Suburb where kids don’t go to school
Cape Town - It’s just after 9am on a school day in Wallacedene. Classes started an hour ago, but many children are roaming the streets and the taxi rank. Others are playing in a park, or at home.
Some are truant, but others say their parents have not yet enrolled them in school. Some have never been to school.
The Cape Argus visited the area during school hours over two days last week and spoke to more than 20 children not in class. There were more, but not all were willing to talk to us.
A 12-year-old boy, sitting outside a shop run from a shipping container, couldn’t remember the last time he had been to school. He told resident Nora Tafafene that at one point he was in Grade 1 at Imvumelwano Primary.
During school hours, Tafafene takes care of children whose parents claim they have been unable to find places for them in local schools. By Thursday, she was taking care of 15 of them.
The boy told her he sat at the shop because the owner gave him food.
A few of the children on the streets all gave the same reason for not being in school: they arrived in Wallacedene over the festive season to visit family, but haven’t returned to the Eastern Cape because their parents couldn’t afford to send them back home.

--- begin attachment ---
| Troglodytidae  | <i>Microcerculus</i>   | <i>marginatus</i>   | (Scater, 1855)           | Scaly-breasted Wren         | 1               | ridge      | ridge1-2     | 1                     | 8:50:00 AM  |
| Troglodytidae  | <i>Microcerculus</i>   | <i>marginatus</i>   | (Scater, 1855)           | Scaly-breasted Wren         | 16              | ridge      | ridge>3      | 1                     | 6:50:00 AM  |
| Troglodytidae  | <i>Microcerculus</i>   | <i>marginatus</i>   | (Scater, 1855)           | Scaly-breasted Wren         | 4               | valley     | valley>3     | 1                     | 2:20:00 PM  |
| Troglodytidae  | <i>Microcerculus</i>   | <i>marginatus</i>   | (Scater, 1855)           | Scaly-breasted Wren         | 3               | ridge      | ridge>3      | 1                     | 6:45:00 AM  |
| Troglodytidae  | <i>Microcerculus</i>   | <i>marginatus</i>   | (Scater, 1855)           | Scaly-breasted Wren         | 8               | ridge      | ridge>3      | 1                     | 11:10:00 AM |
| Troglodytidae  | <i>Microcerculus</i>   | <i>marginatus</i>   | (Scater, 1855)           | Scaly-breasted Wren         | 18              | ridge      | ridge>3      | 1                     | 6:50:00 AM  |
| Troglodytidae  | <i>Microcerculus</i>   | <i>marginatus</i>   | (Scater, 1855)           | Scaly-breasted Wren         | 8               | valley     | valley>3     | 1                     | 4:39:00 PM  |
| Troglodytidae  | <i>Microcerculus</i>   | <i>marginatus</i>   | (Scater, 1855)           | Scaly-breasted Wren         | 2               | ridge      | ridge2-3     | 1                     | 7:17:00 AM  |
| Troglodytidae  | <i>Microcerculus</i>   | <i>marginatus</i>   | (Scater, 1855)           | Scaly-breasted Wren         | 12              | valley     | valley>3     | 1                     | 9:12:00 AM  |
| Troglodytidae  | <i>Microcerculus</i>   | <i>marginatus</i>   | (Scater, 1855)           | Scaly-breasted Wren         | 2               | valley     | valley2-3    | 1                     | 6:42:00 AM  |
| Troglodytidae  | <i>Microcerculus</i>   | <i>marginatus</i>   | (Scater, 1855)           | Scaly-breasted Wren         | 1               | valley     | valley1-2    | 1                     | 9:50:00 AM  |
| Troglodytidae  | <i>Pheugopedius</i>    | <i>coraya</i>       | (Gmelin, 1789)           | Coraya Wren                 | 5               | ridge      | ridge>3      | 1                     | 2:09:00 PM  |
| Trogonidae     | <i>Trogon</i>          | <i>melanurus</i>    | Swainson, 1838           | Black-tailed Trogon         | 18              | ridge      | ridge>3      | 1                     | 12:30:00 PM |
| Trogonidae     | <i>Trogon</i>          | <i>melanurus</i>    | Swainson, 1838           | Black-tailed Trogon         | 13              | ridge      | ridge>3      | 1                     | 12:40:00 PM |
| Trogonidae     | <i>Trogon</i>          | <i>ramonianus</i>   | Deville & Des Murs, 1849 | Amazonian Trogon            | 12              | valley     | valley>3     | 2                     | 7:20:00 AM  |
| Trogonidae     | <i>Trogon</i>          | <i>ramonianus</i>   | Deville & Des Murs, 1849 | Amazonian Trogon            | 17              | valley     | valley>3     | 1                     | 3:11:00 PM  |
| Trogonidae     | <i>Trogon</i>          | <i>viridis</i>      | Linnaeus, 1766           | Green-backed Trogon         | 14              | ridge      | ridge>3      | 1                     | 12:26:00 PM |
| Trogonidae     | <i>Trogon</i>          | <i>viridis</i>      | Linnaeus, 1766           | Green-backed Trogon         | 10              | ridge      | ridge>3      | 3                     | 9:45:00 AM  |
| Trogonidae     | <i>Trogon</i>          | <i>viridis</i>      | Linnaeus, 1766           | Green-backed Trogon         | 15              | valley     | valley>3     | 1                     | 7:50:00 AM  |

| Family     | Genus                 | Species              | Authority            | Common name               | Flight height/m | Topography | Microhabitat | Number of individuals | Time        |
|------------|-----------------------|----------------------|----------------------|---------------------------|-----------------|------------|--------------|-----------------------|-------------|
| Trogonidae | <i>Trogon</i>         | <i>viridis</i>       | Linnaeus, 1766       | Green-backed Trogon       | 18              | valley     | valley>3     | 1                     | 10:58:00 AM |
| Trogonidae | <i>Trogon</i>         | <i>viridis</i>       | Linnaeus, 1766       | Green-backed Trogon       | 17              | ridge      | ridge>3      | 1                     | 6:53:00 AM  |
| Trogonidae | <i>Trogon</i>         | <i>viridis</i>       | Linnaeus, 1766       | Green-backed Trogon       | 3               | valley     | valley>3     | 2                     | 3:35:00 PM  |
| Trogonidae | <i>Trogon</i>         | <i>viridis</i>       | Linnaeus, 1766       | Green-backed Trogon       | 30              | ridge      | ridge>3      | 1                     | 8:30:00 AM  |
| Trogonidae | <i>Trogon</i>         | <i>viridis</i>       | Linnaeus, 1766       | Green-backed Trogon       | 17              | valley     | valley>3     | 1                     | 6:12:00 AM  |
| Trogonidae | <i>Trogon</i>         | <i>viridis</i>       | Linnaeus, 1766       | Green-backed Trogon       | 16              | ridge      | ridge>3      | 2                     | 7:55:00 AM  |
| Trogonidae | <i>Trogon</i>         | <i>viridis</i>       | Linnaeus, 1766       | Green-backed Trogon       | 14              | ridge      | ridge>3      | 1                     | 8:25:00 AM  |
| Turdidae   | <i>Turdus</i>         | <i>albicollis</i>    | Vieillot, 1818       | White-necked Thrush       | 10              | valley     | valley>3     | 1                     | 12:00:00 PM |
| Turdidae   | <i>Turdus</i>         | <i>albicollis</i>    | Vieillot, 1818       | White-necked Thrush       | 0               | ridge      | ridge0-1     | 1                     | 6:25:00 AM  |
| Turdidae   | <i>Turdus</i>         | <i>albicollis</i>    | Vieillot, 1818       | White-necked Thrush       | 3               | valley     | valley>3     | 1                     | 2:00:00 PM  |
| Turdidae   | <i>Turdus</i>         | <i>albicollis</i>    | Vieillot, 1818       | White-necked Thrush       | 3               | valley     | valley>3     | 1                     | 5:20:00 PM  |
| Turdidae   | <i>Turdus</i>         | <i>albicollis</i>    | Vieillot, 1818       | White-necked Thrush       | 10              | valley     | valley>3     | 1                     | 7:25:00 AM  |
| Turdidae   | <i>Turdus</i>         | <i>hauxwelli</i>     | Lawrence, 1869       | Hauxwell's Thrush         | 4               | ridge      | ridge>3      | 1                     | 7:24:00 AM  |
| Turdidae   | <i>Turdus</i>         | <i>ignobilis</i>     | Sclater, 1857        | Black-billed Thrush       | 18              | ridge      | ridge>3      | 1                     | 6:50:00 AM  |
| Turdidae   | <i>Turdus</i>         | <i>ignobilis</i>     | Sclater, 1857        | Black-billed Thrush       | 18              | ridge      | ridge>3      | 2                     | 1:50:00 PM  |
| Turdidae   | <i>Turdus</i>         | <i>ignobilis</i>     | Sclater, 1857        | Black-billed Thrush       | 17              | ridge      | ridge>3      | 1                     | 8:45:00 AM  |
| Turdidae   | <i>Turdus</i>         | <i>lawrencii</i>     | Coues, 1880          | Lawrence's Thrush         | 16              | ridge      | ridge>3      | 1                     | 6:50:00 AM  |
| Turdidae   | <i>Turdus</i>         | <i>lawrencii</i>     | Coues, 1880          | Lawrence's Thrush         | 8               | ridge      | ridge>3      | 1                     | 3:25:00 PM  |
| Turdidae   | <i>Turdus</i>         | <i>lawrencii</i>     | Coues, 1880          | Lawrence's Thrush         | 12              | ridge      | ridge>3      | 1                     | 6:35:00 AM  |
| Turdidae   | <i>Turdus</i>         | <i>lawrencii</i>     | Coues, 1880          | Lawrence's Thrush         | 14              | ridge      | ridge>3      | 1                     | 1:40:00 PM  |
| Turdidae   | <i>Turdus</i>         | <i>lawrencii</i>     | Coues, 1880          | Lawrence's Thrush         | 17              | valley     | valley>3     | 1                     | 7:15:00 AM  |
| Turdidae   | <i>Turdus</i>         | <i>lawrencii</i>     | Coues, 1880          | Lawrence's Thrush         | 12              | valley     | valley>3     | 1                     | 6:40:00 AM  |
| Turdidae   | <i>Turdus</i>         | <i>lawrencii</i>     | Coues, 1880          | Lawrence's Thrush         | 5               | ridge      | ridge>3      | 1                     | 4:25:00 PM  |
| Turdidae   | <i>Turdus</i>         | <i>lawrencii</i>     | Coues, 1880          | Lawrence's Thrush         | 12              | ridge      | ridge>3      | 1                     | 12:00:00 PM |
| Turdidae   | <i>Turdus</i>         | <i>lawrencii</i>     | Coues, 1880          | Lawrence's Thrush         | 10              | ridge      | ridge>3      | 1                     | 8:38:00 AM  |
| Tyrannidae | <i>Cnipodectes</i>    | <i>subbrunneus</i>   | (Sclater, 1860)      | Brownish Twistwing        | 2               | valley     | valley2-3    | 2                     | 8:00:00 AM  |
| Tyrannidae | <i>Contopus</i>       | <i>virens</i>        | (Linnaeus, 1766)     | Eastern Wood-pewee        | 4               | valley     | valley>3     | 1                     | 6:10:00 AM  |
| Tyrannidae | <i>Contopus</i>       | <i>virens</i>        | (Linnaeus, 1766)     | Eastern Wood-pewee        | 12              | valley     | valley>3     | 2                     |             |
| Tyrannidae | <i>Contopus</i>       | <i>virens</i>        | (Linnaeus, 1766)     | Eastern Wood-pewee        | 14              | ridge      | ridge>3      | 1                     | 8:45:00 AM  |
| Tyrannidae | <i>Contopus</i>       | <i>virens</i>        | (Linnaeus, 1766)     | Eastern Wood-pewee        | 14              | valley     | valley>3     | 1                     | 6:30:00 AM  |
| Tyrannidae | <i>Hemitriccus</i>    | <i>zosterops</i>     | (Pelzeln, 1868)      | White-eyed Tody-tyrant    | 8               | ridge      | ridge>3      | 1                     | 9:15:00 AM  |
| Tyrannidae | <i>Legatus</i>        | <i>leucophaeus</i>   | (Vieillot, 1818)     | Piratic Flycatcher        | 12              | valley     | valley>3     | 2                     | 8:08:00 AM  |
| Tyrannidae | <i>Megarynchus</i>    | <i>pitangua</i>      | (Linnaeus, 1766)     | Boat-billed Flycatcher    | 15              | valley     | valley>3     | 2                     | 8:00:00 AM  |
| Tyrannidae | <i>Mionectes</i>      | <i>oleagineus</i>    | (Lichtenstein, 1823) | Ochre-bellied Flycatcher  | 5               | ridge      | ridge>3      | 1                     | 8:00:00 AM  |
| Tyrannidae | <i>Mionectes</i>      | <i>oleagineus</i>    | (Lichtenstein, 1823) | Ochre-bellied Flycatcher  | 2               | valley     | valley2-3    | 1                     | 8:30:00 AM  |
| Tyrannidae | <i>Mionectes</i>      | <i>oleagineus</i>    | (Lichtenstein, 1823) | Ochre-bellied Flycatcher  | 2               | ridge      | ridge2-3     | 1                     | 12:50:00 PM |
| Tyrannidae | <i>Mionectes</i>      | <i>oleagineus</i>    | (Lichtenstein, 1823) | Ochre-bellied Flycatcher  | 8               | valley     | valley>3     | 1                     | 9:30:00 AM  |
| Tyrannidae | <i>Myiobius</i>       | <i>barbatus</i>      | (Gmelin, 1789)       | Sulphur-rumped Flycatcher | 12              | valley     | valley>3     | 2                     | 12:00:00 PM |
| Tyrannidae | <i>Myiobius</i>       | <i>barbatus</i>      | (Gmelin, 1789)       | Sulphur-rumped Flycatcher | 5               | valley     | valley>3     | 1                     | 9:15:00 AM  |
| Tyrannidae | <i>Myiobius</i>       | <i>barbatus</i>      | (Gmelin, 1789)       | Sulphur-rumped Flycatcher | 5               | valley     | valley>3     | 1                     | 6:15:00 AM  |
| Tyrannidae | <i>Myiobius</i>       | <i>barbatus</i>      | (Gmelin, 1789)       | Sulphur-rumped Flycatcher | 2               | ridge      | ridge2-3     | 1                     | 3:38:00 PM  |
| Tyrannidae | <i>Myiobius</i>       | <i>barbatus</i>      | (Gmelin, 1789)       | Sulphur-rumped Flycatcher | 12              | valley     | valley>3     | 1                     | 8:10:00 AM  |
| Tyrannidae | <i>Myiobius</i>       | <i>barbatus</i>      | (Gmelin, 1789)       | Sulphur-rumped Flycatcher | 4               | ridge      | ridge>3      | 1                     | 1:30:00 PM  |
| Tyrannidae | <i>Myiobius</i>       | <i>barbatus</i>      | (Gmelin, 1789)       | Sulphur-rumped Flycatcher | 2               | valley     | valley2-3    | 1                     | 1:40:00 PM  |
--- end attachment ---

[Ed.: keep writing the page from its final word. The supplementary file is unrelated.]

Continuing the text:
An 11-year-old girl said she had arrived in November and refused to attend school in the Western Cape.
A brother and sister said they were from De Aar. The girl said the family were on holiday in Wallacedene, but the boy said they had moved there a few weeks ago and their parents had not yet enrolled them in school.
Geraldine Abrahams said her 10-year-old son, André, and her sister, Theresa, 14, had attended school last year, but had been absent last term “because of circumstances”. She claimed that, when she took them back this year, they were told the school couldn’t accommodate them.
A third child, a 12-year-old girl, said her mother had not yet enrolled her, while a relative said this was because the mother drank.
Another boy didn’t know his own age. He appeared to be about 12 and said he had never been to school.
Some of the other children said they had been expelled. One boy said he was sick, although he was playing in a park.
A group of teenagers said they had been chased from school for being late. One child said a teacher had hit him that morning, and for that reason he had left the school.
Bronagh Casey, spokeswoman for Education MEC Donald Grant, said parents were required by law to send their children to school.
The Western Cape Education Department had repeatedly appealed to parents to enrol their children through campaigns and channels.
“We also have truancy officers who investigate reports of learners not attending school. The ministry also plans to have a truancy campaign in the Wallacedene area,” Casey said.
“According to the South African Schools Act, every parent must ensure that every pupil for whom he or she is responsible attends a school from the first school day of the year in which such learner reaches the age of seven years until the last school day of the year in which such learner reaches the age of 15 years or the ninth grade, whichever occurs first.”
She said that, in instances where pupils had been expelled, the department would assist them to be placed in alternative schools.
Casey said many principals chose to lock out pupils who were late.
“However, no learner should be locked out or prevented from entering the school premises under any circumstances, as this places them at an unacceptable risk,” she said.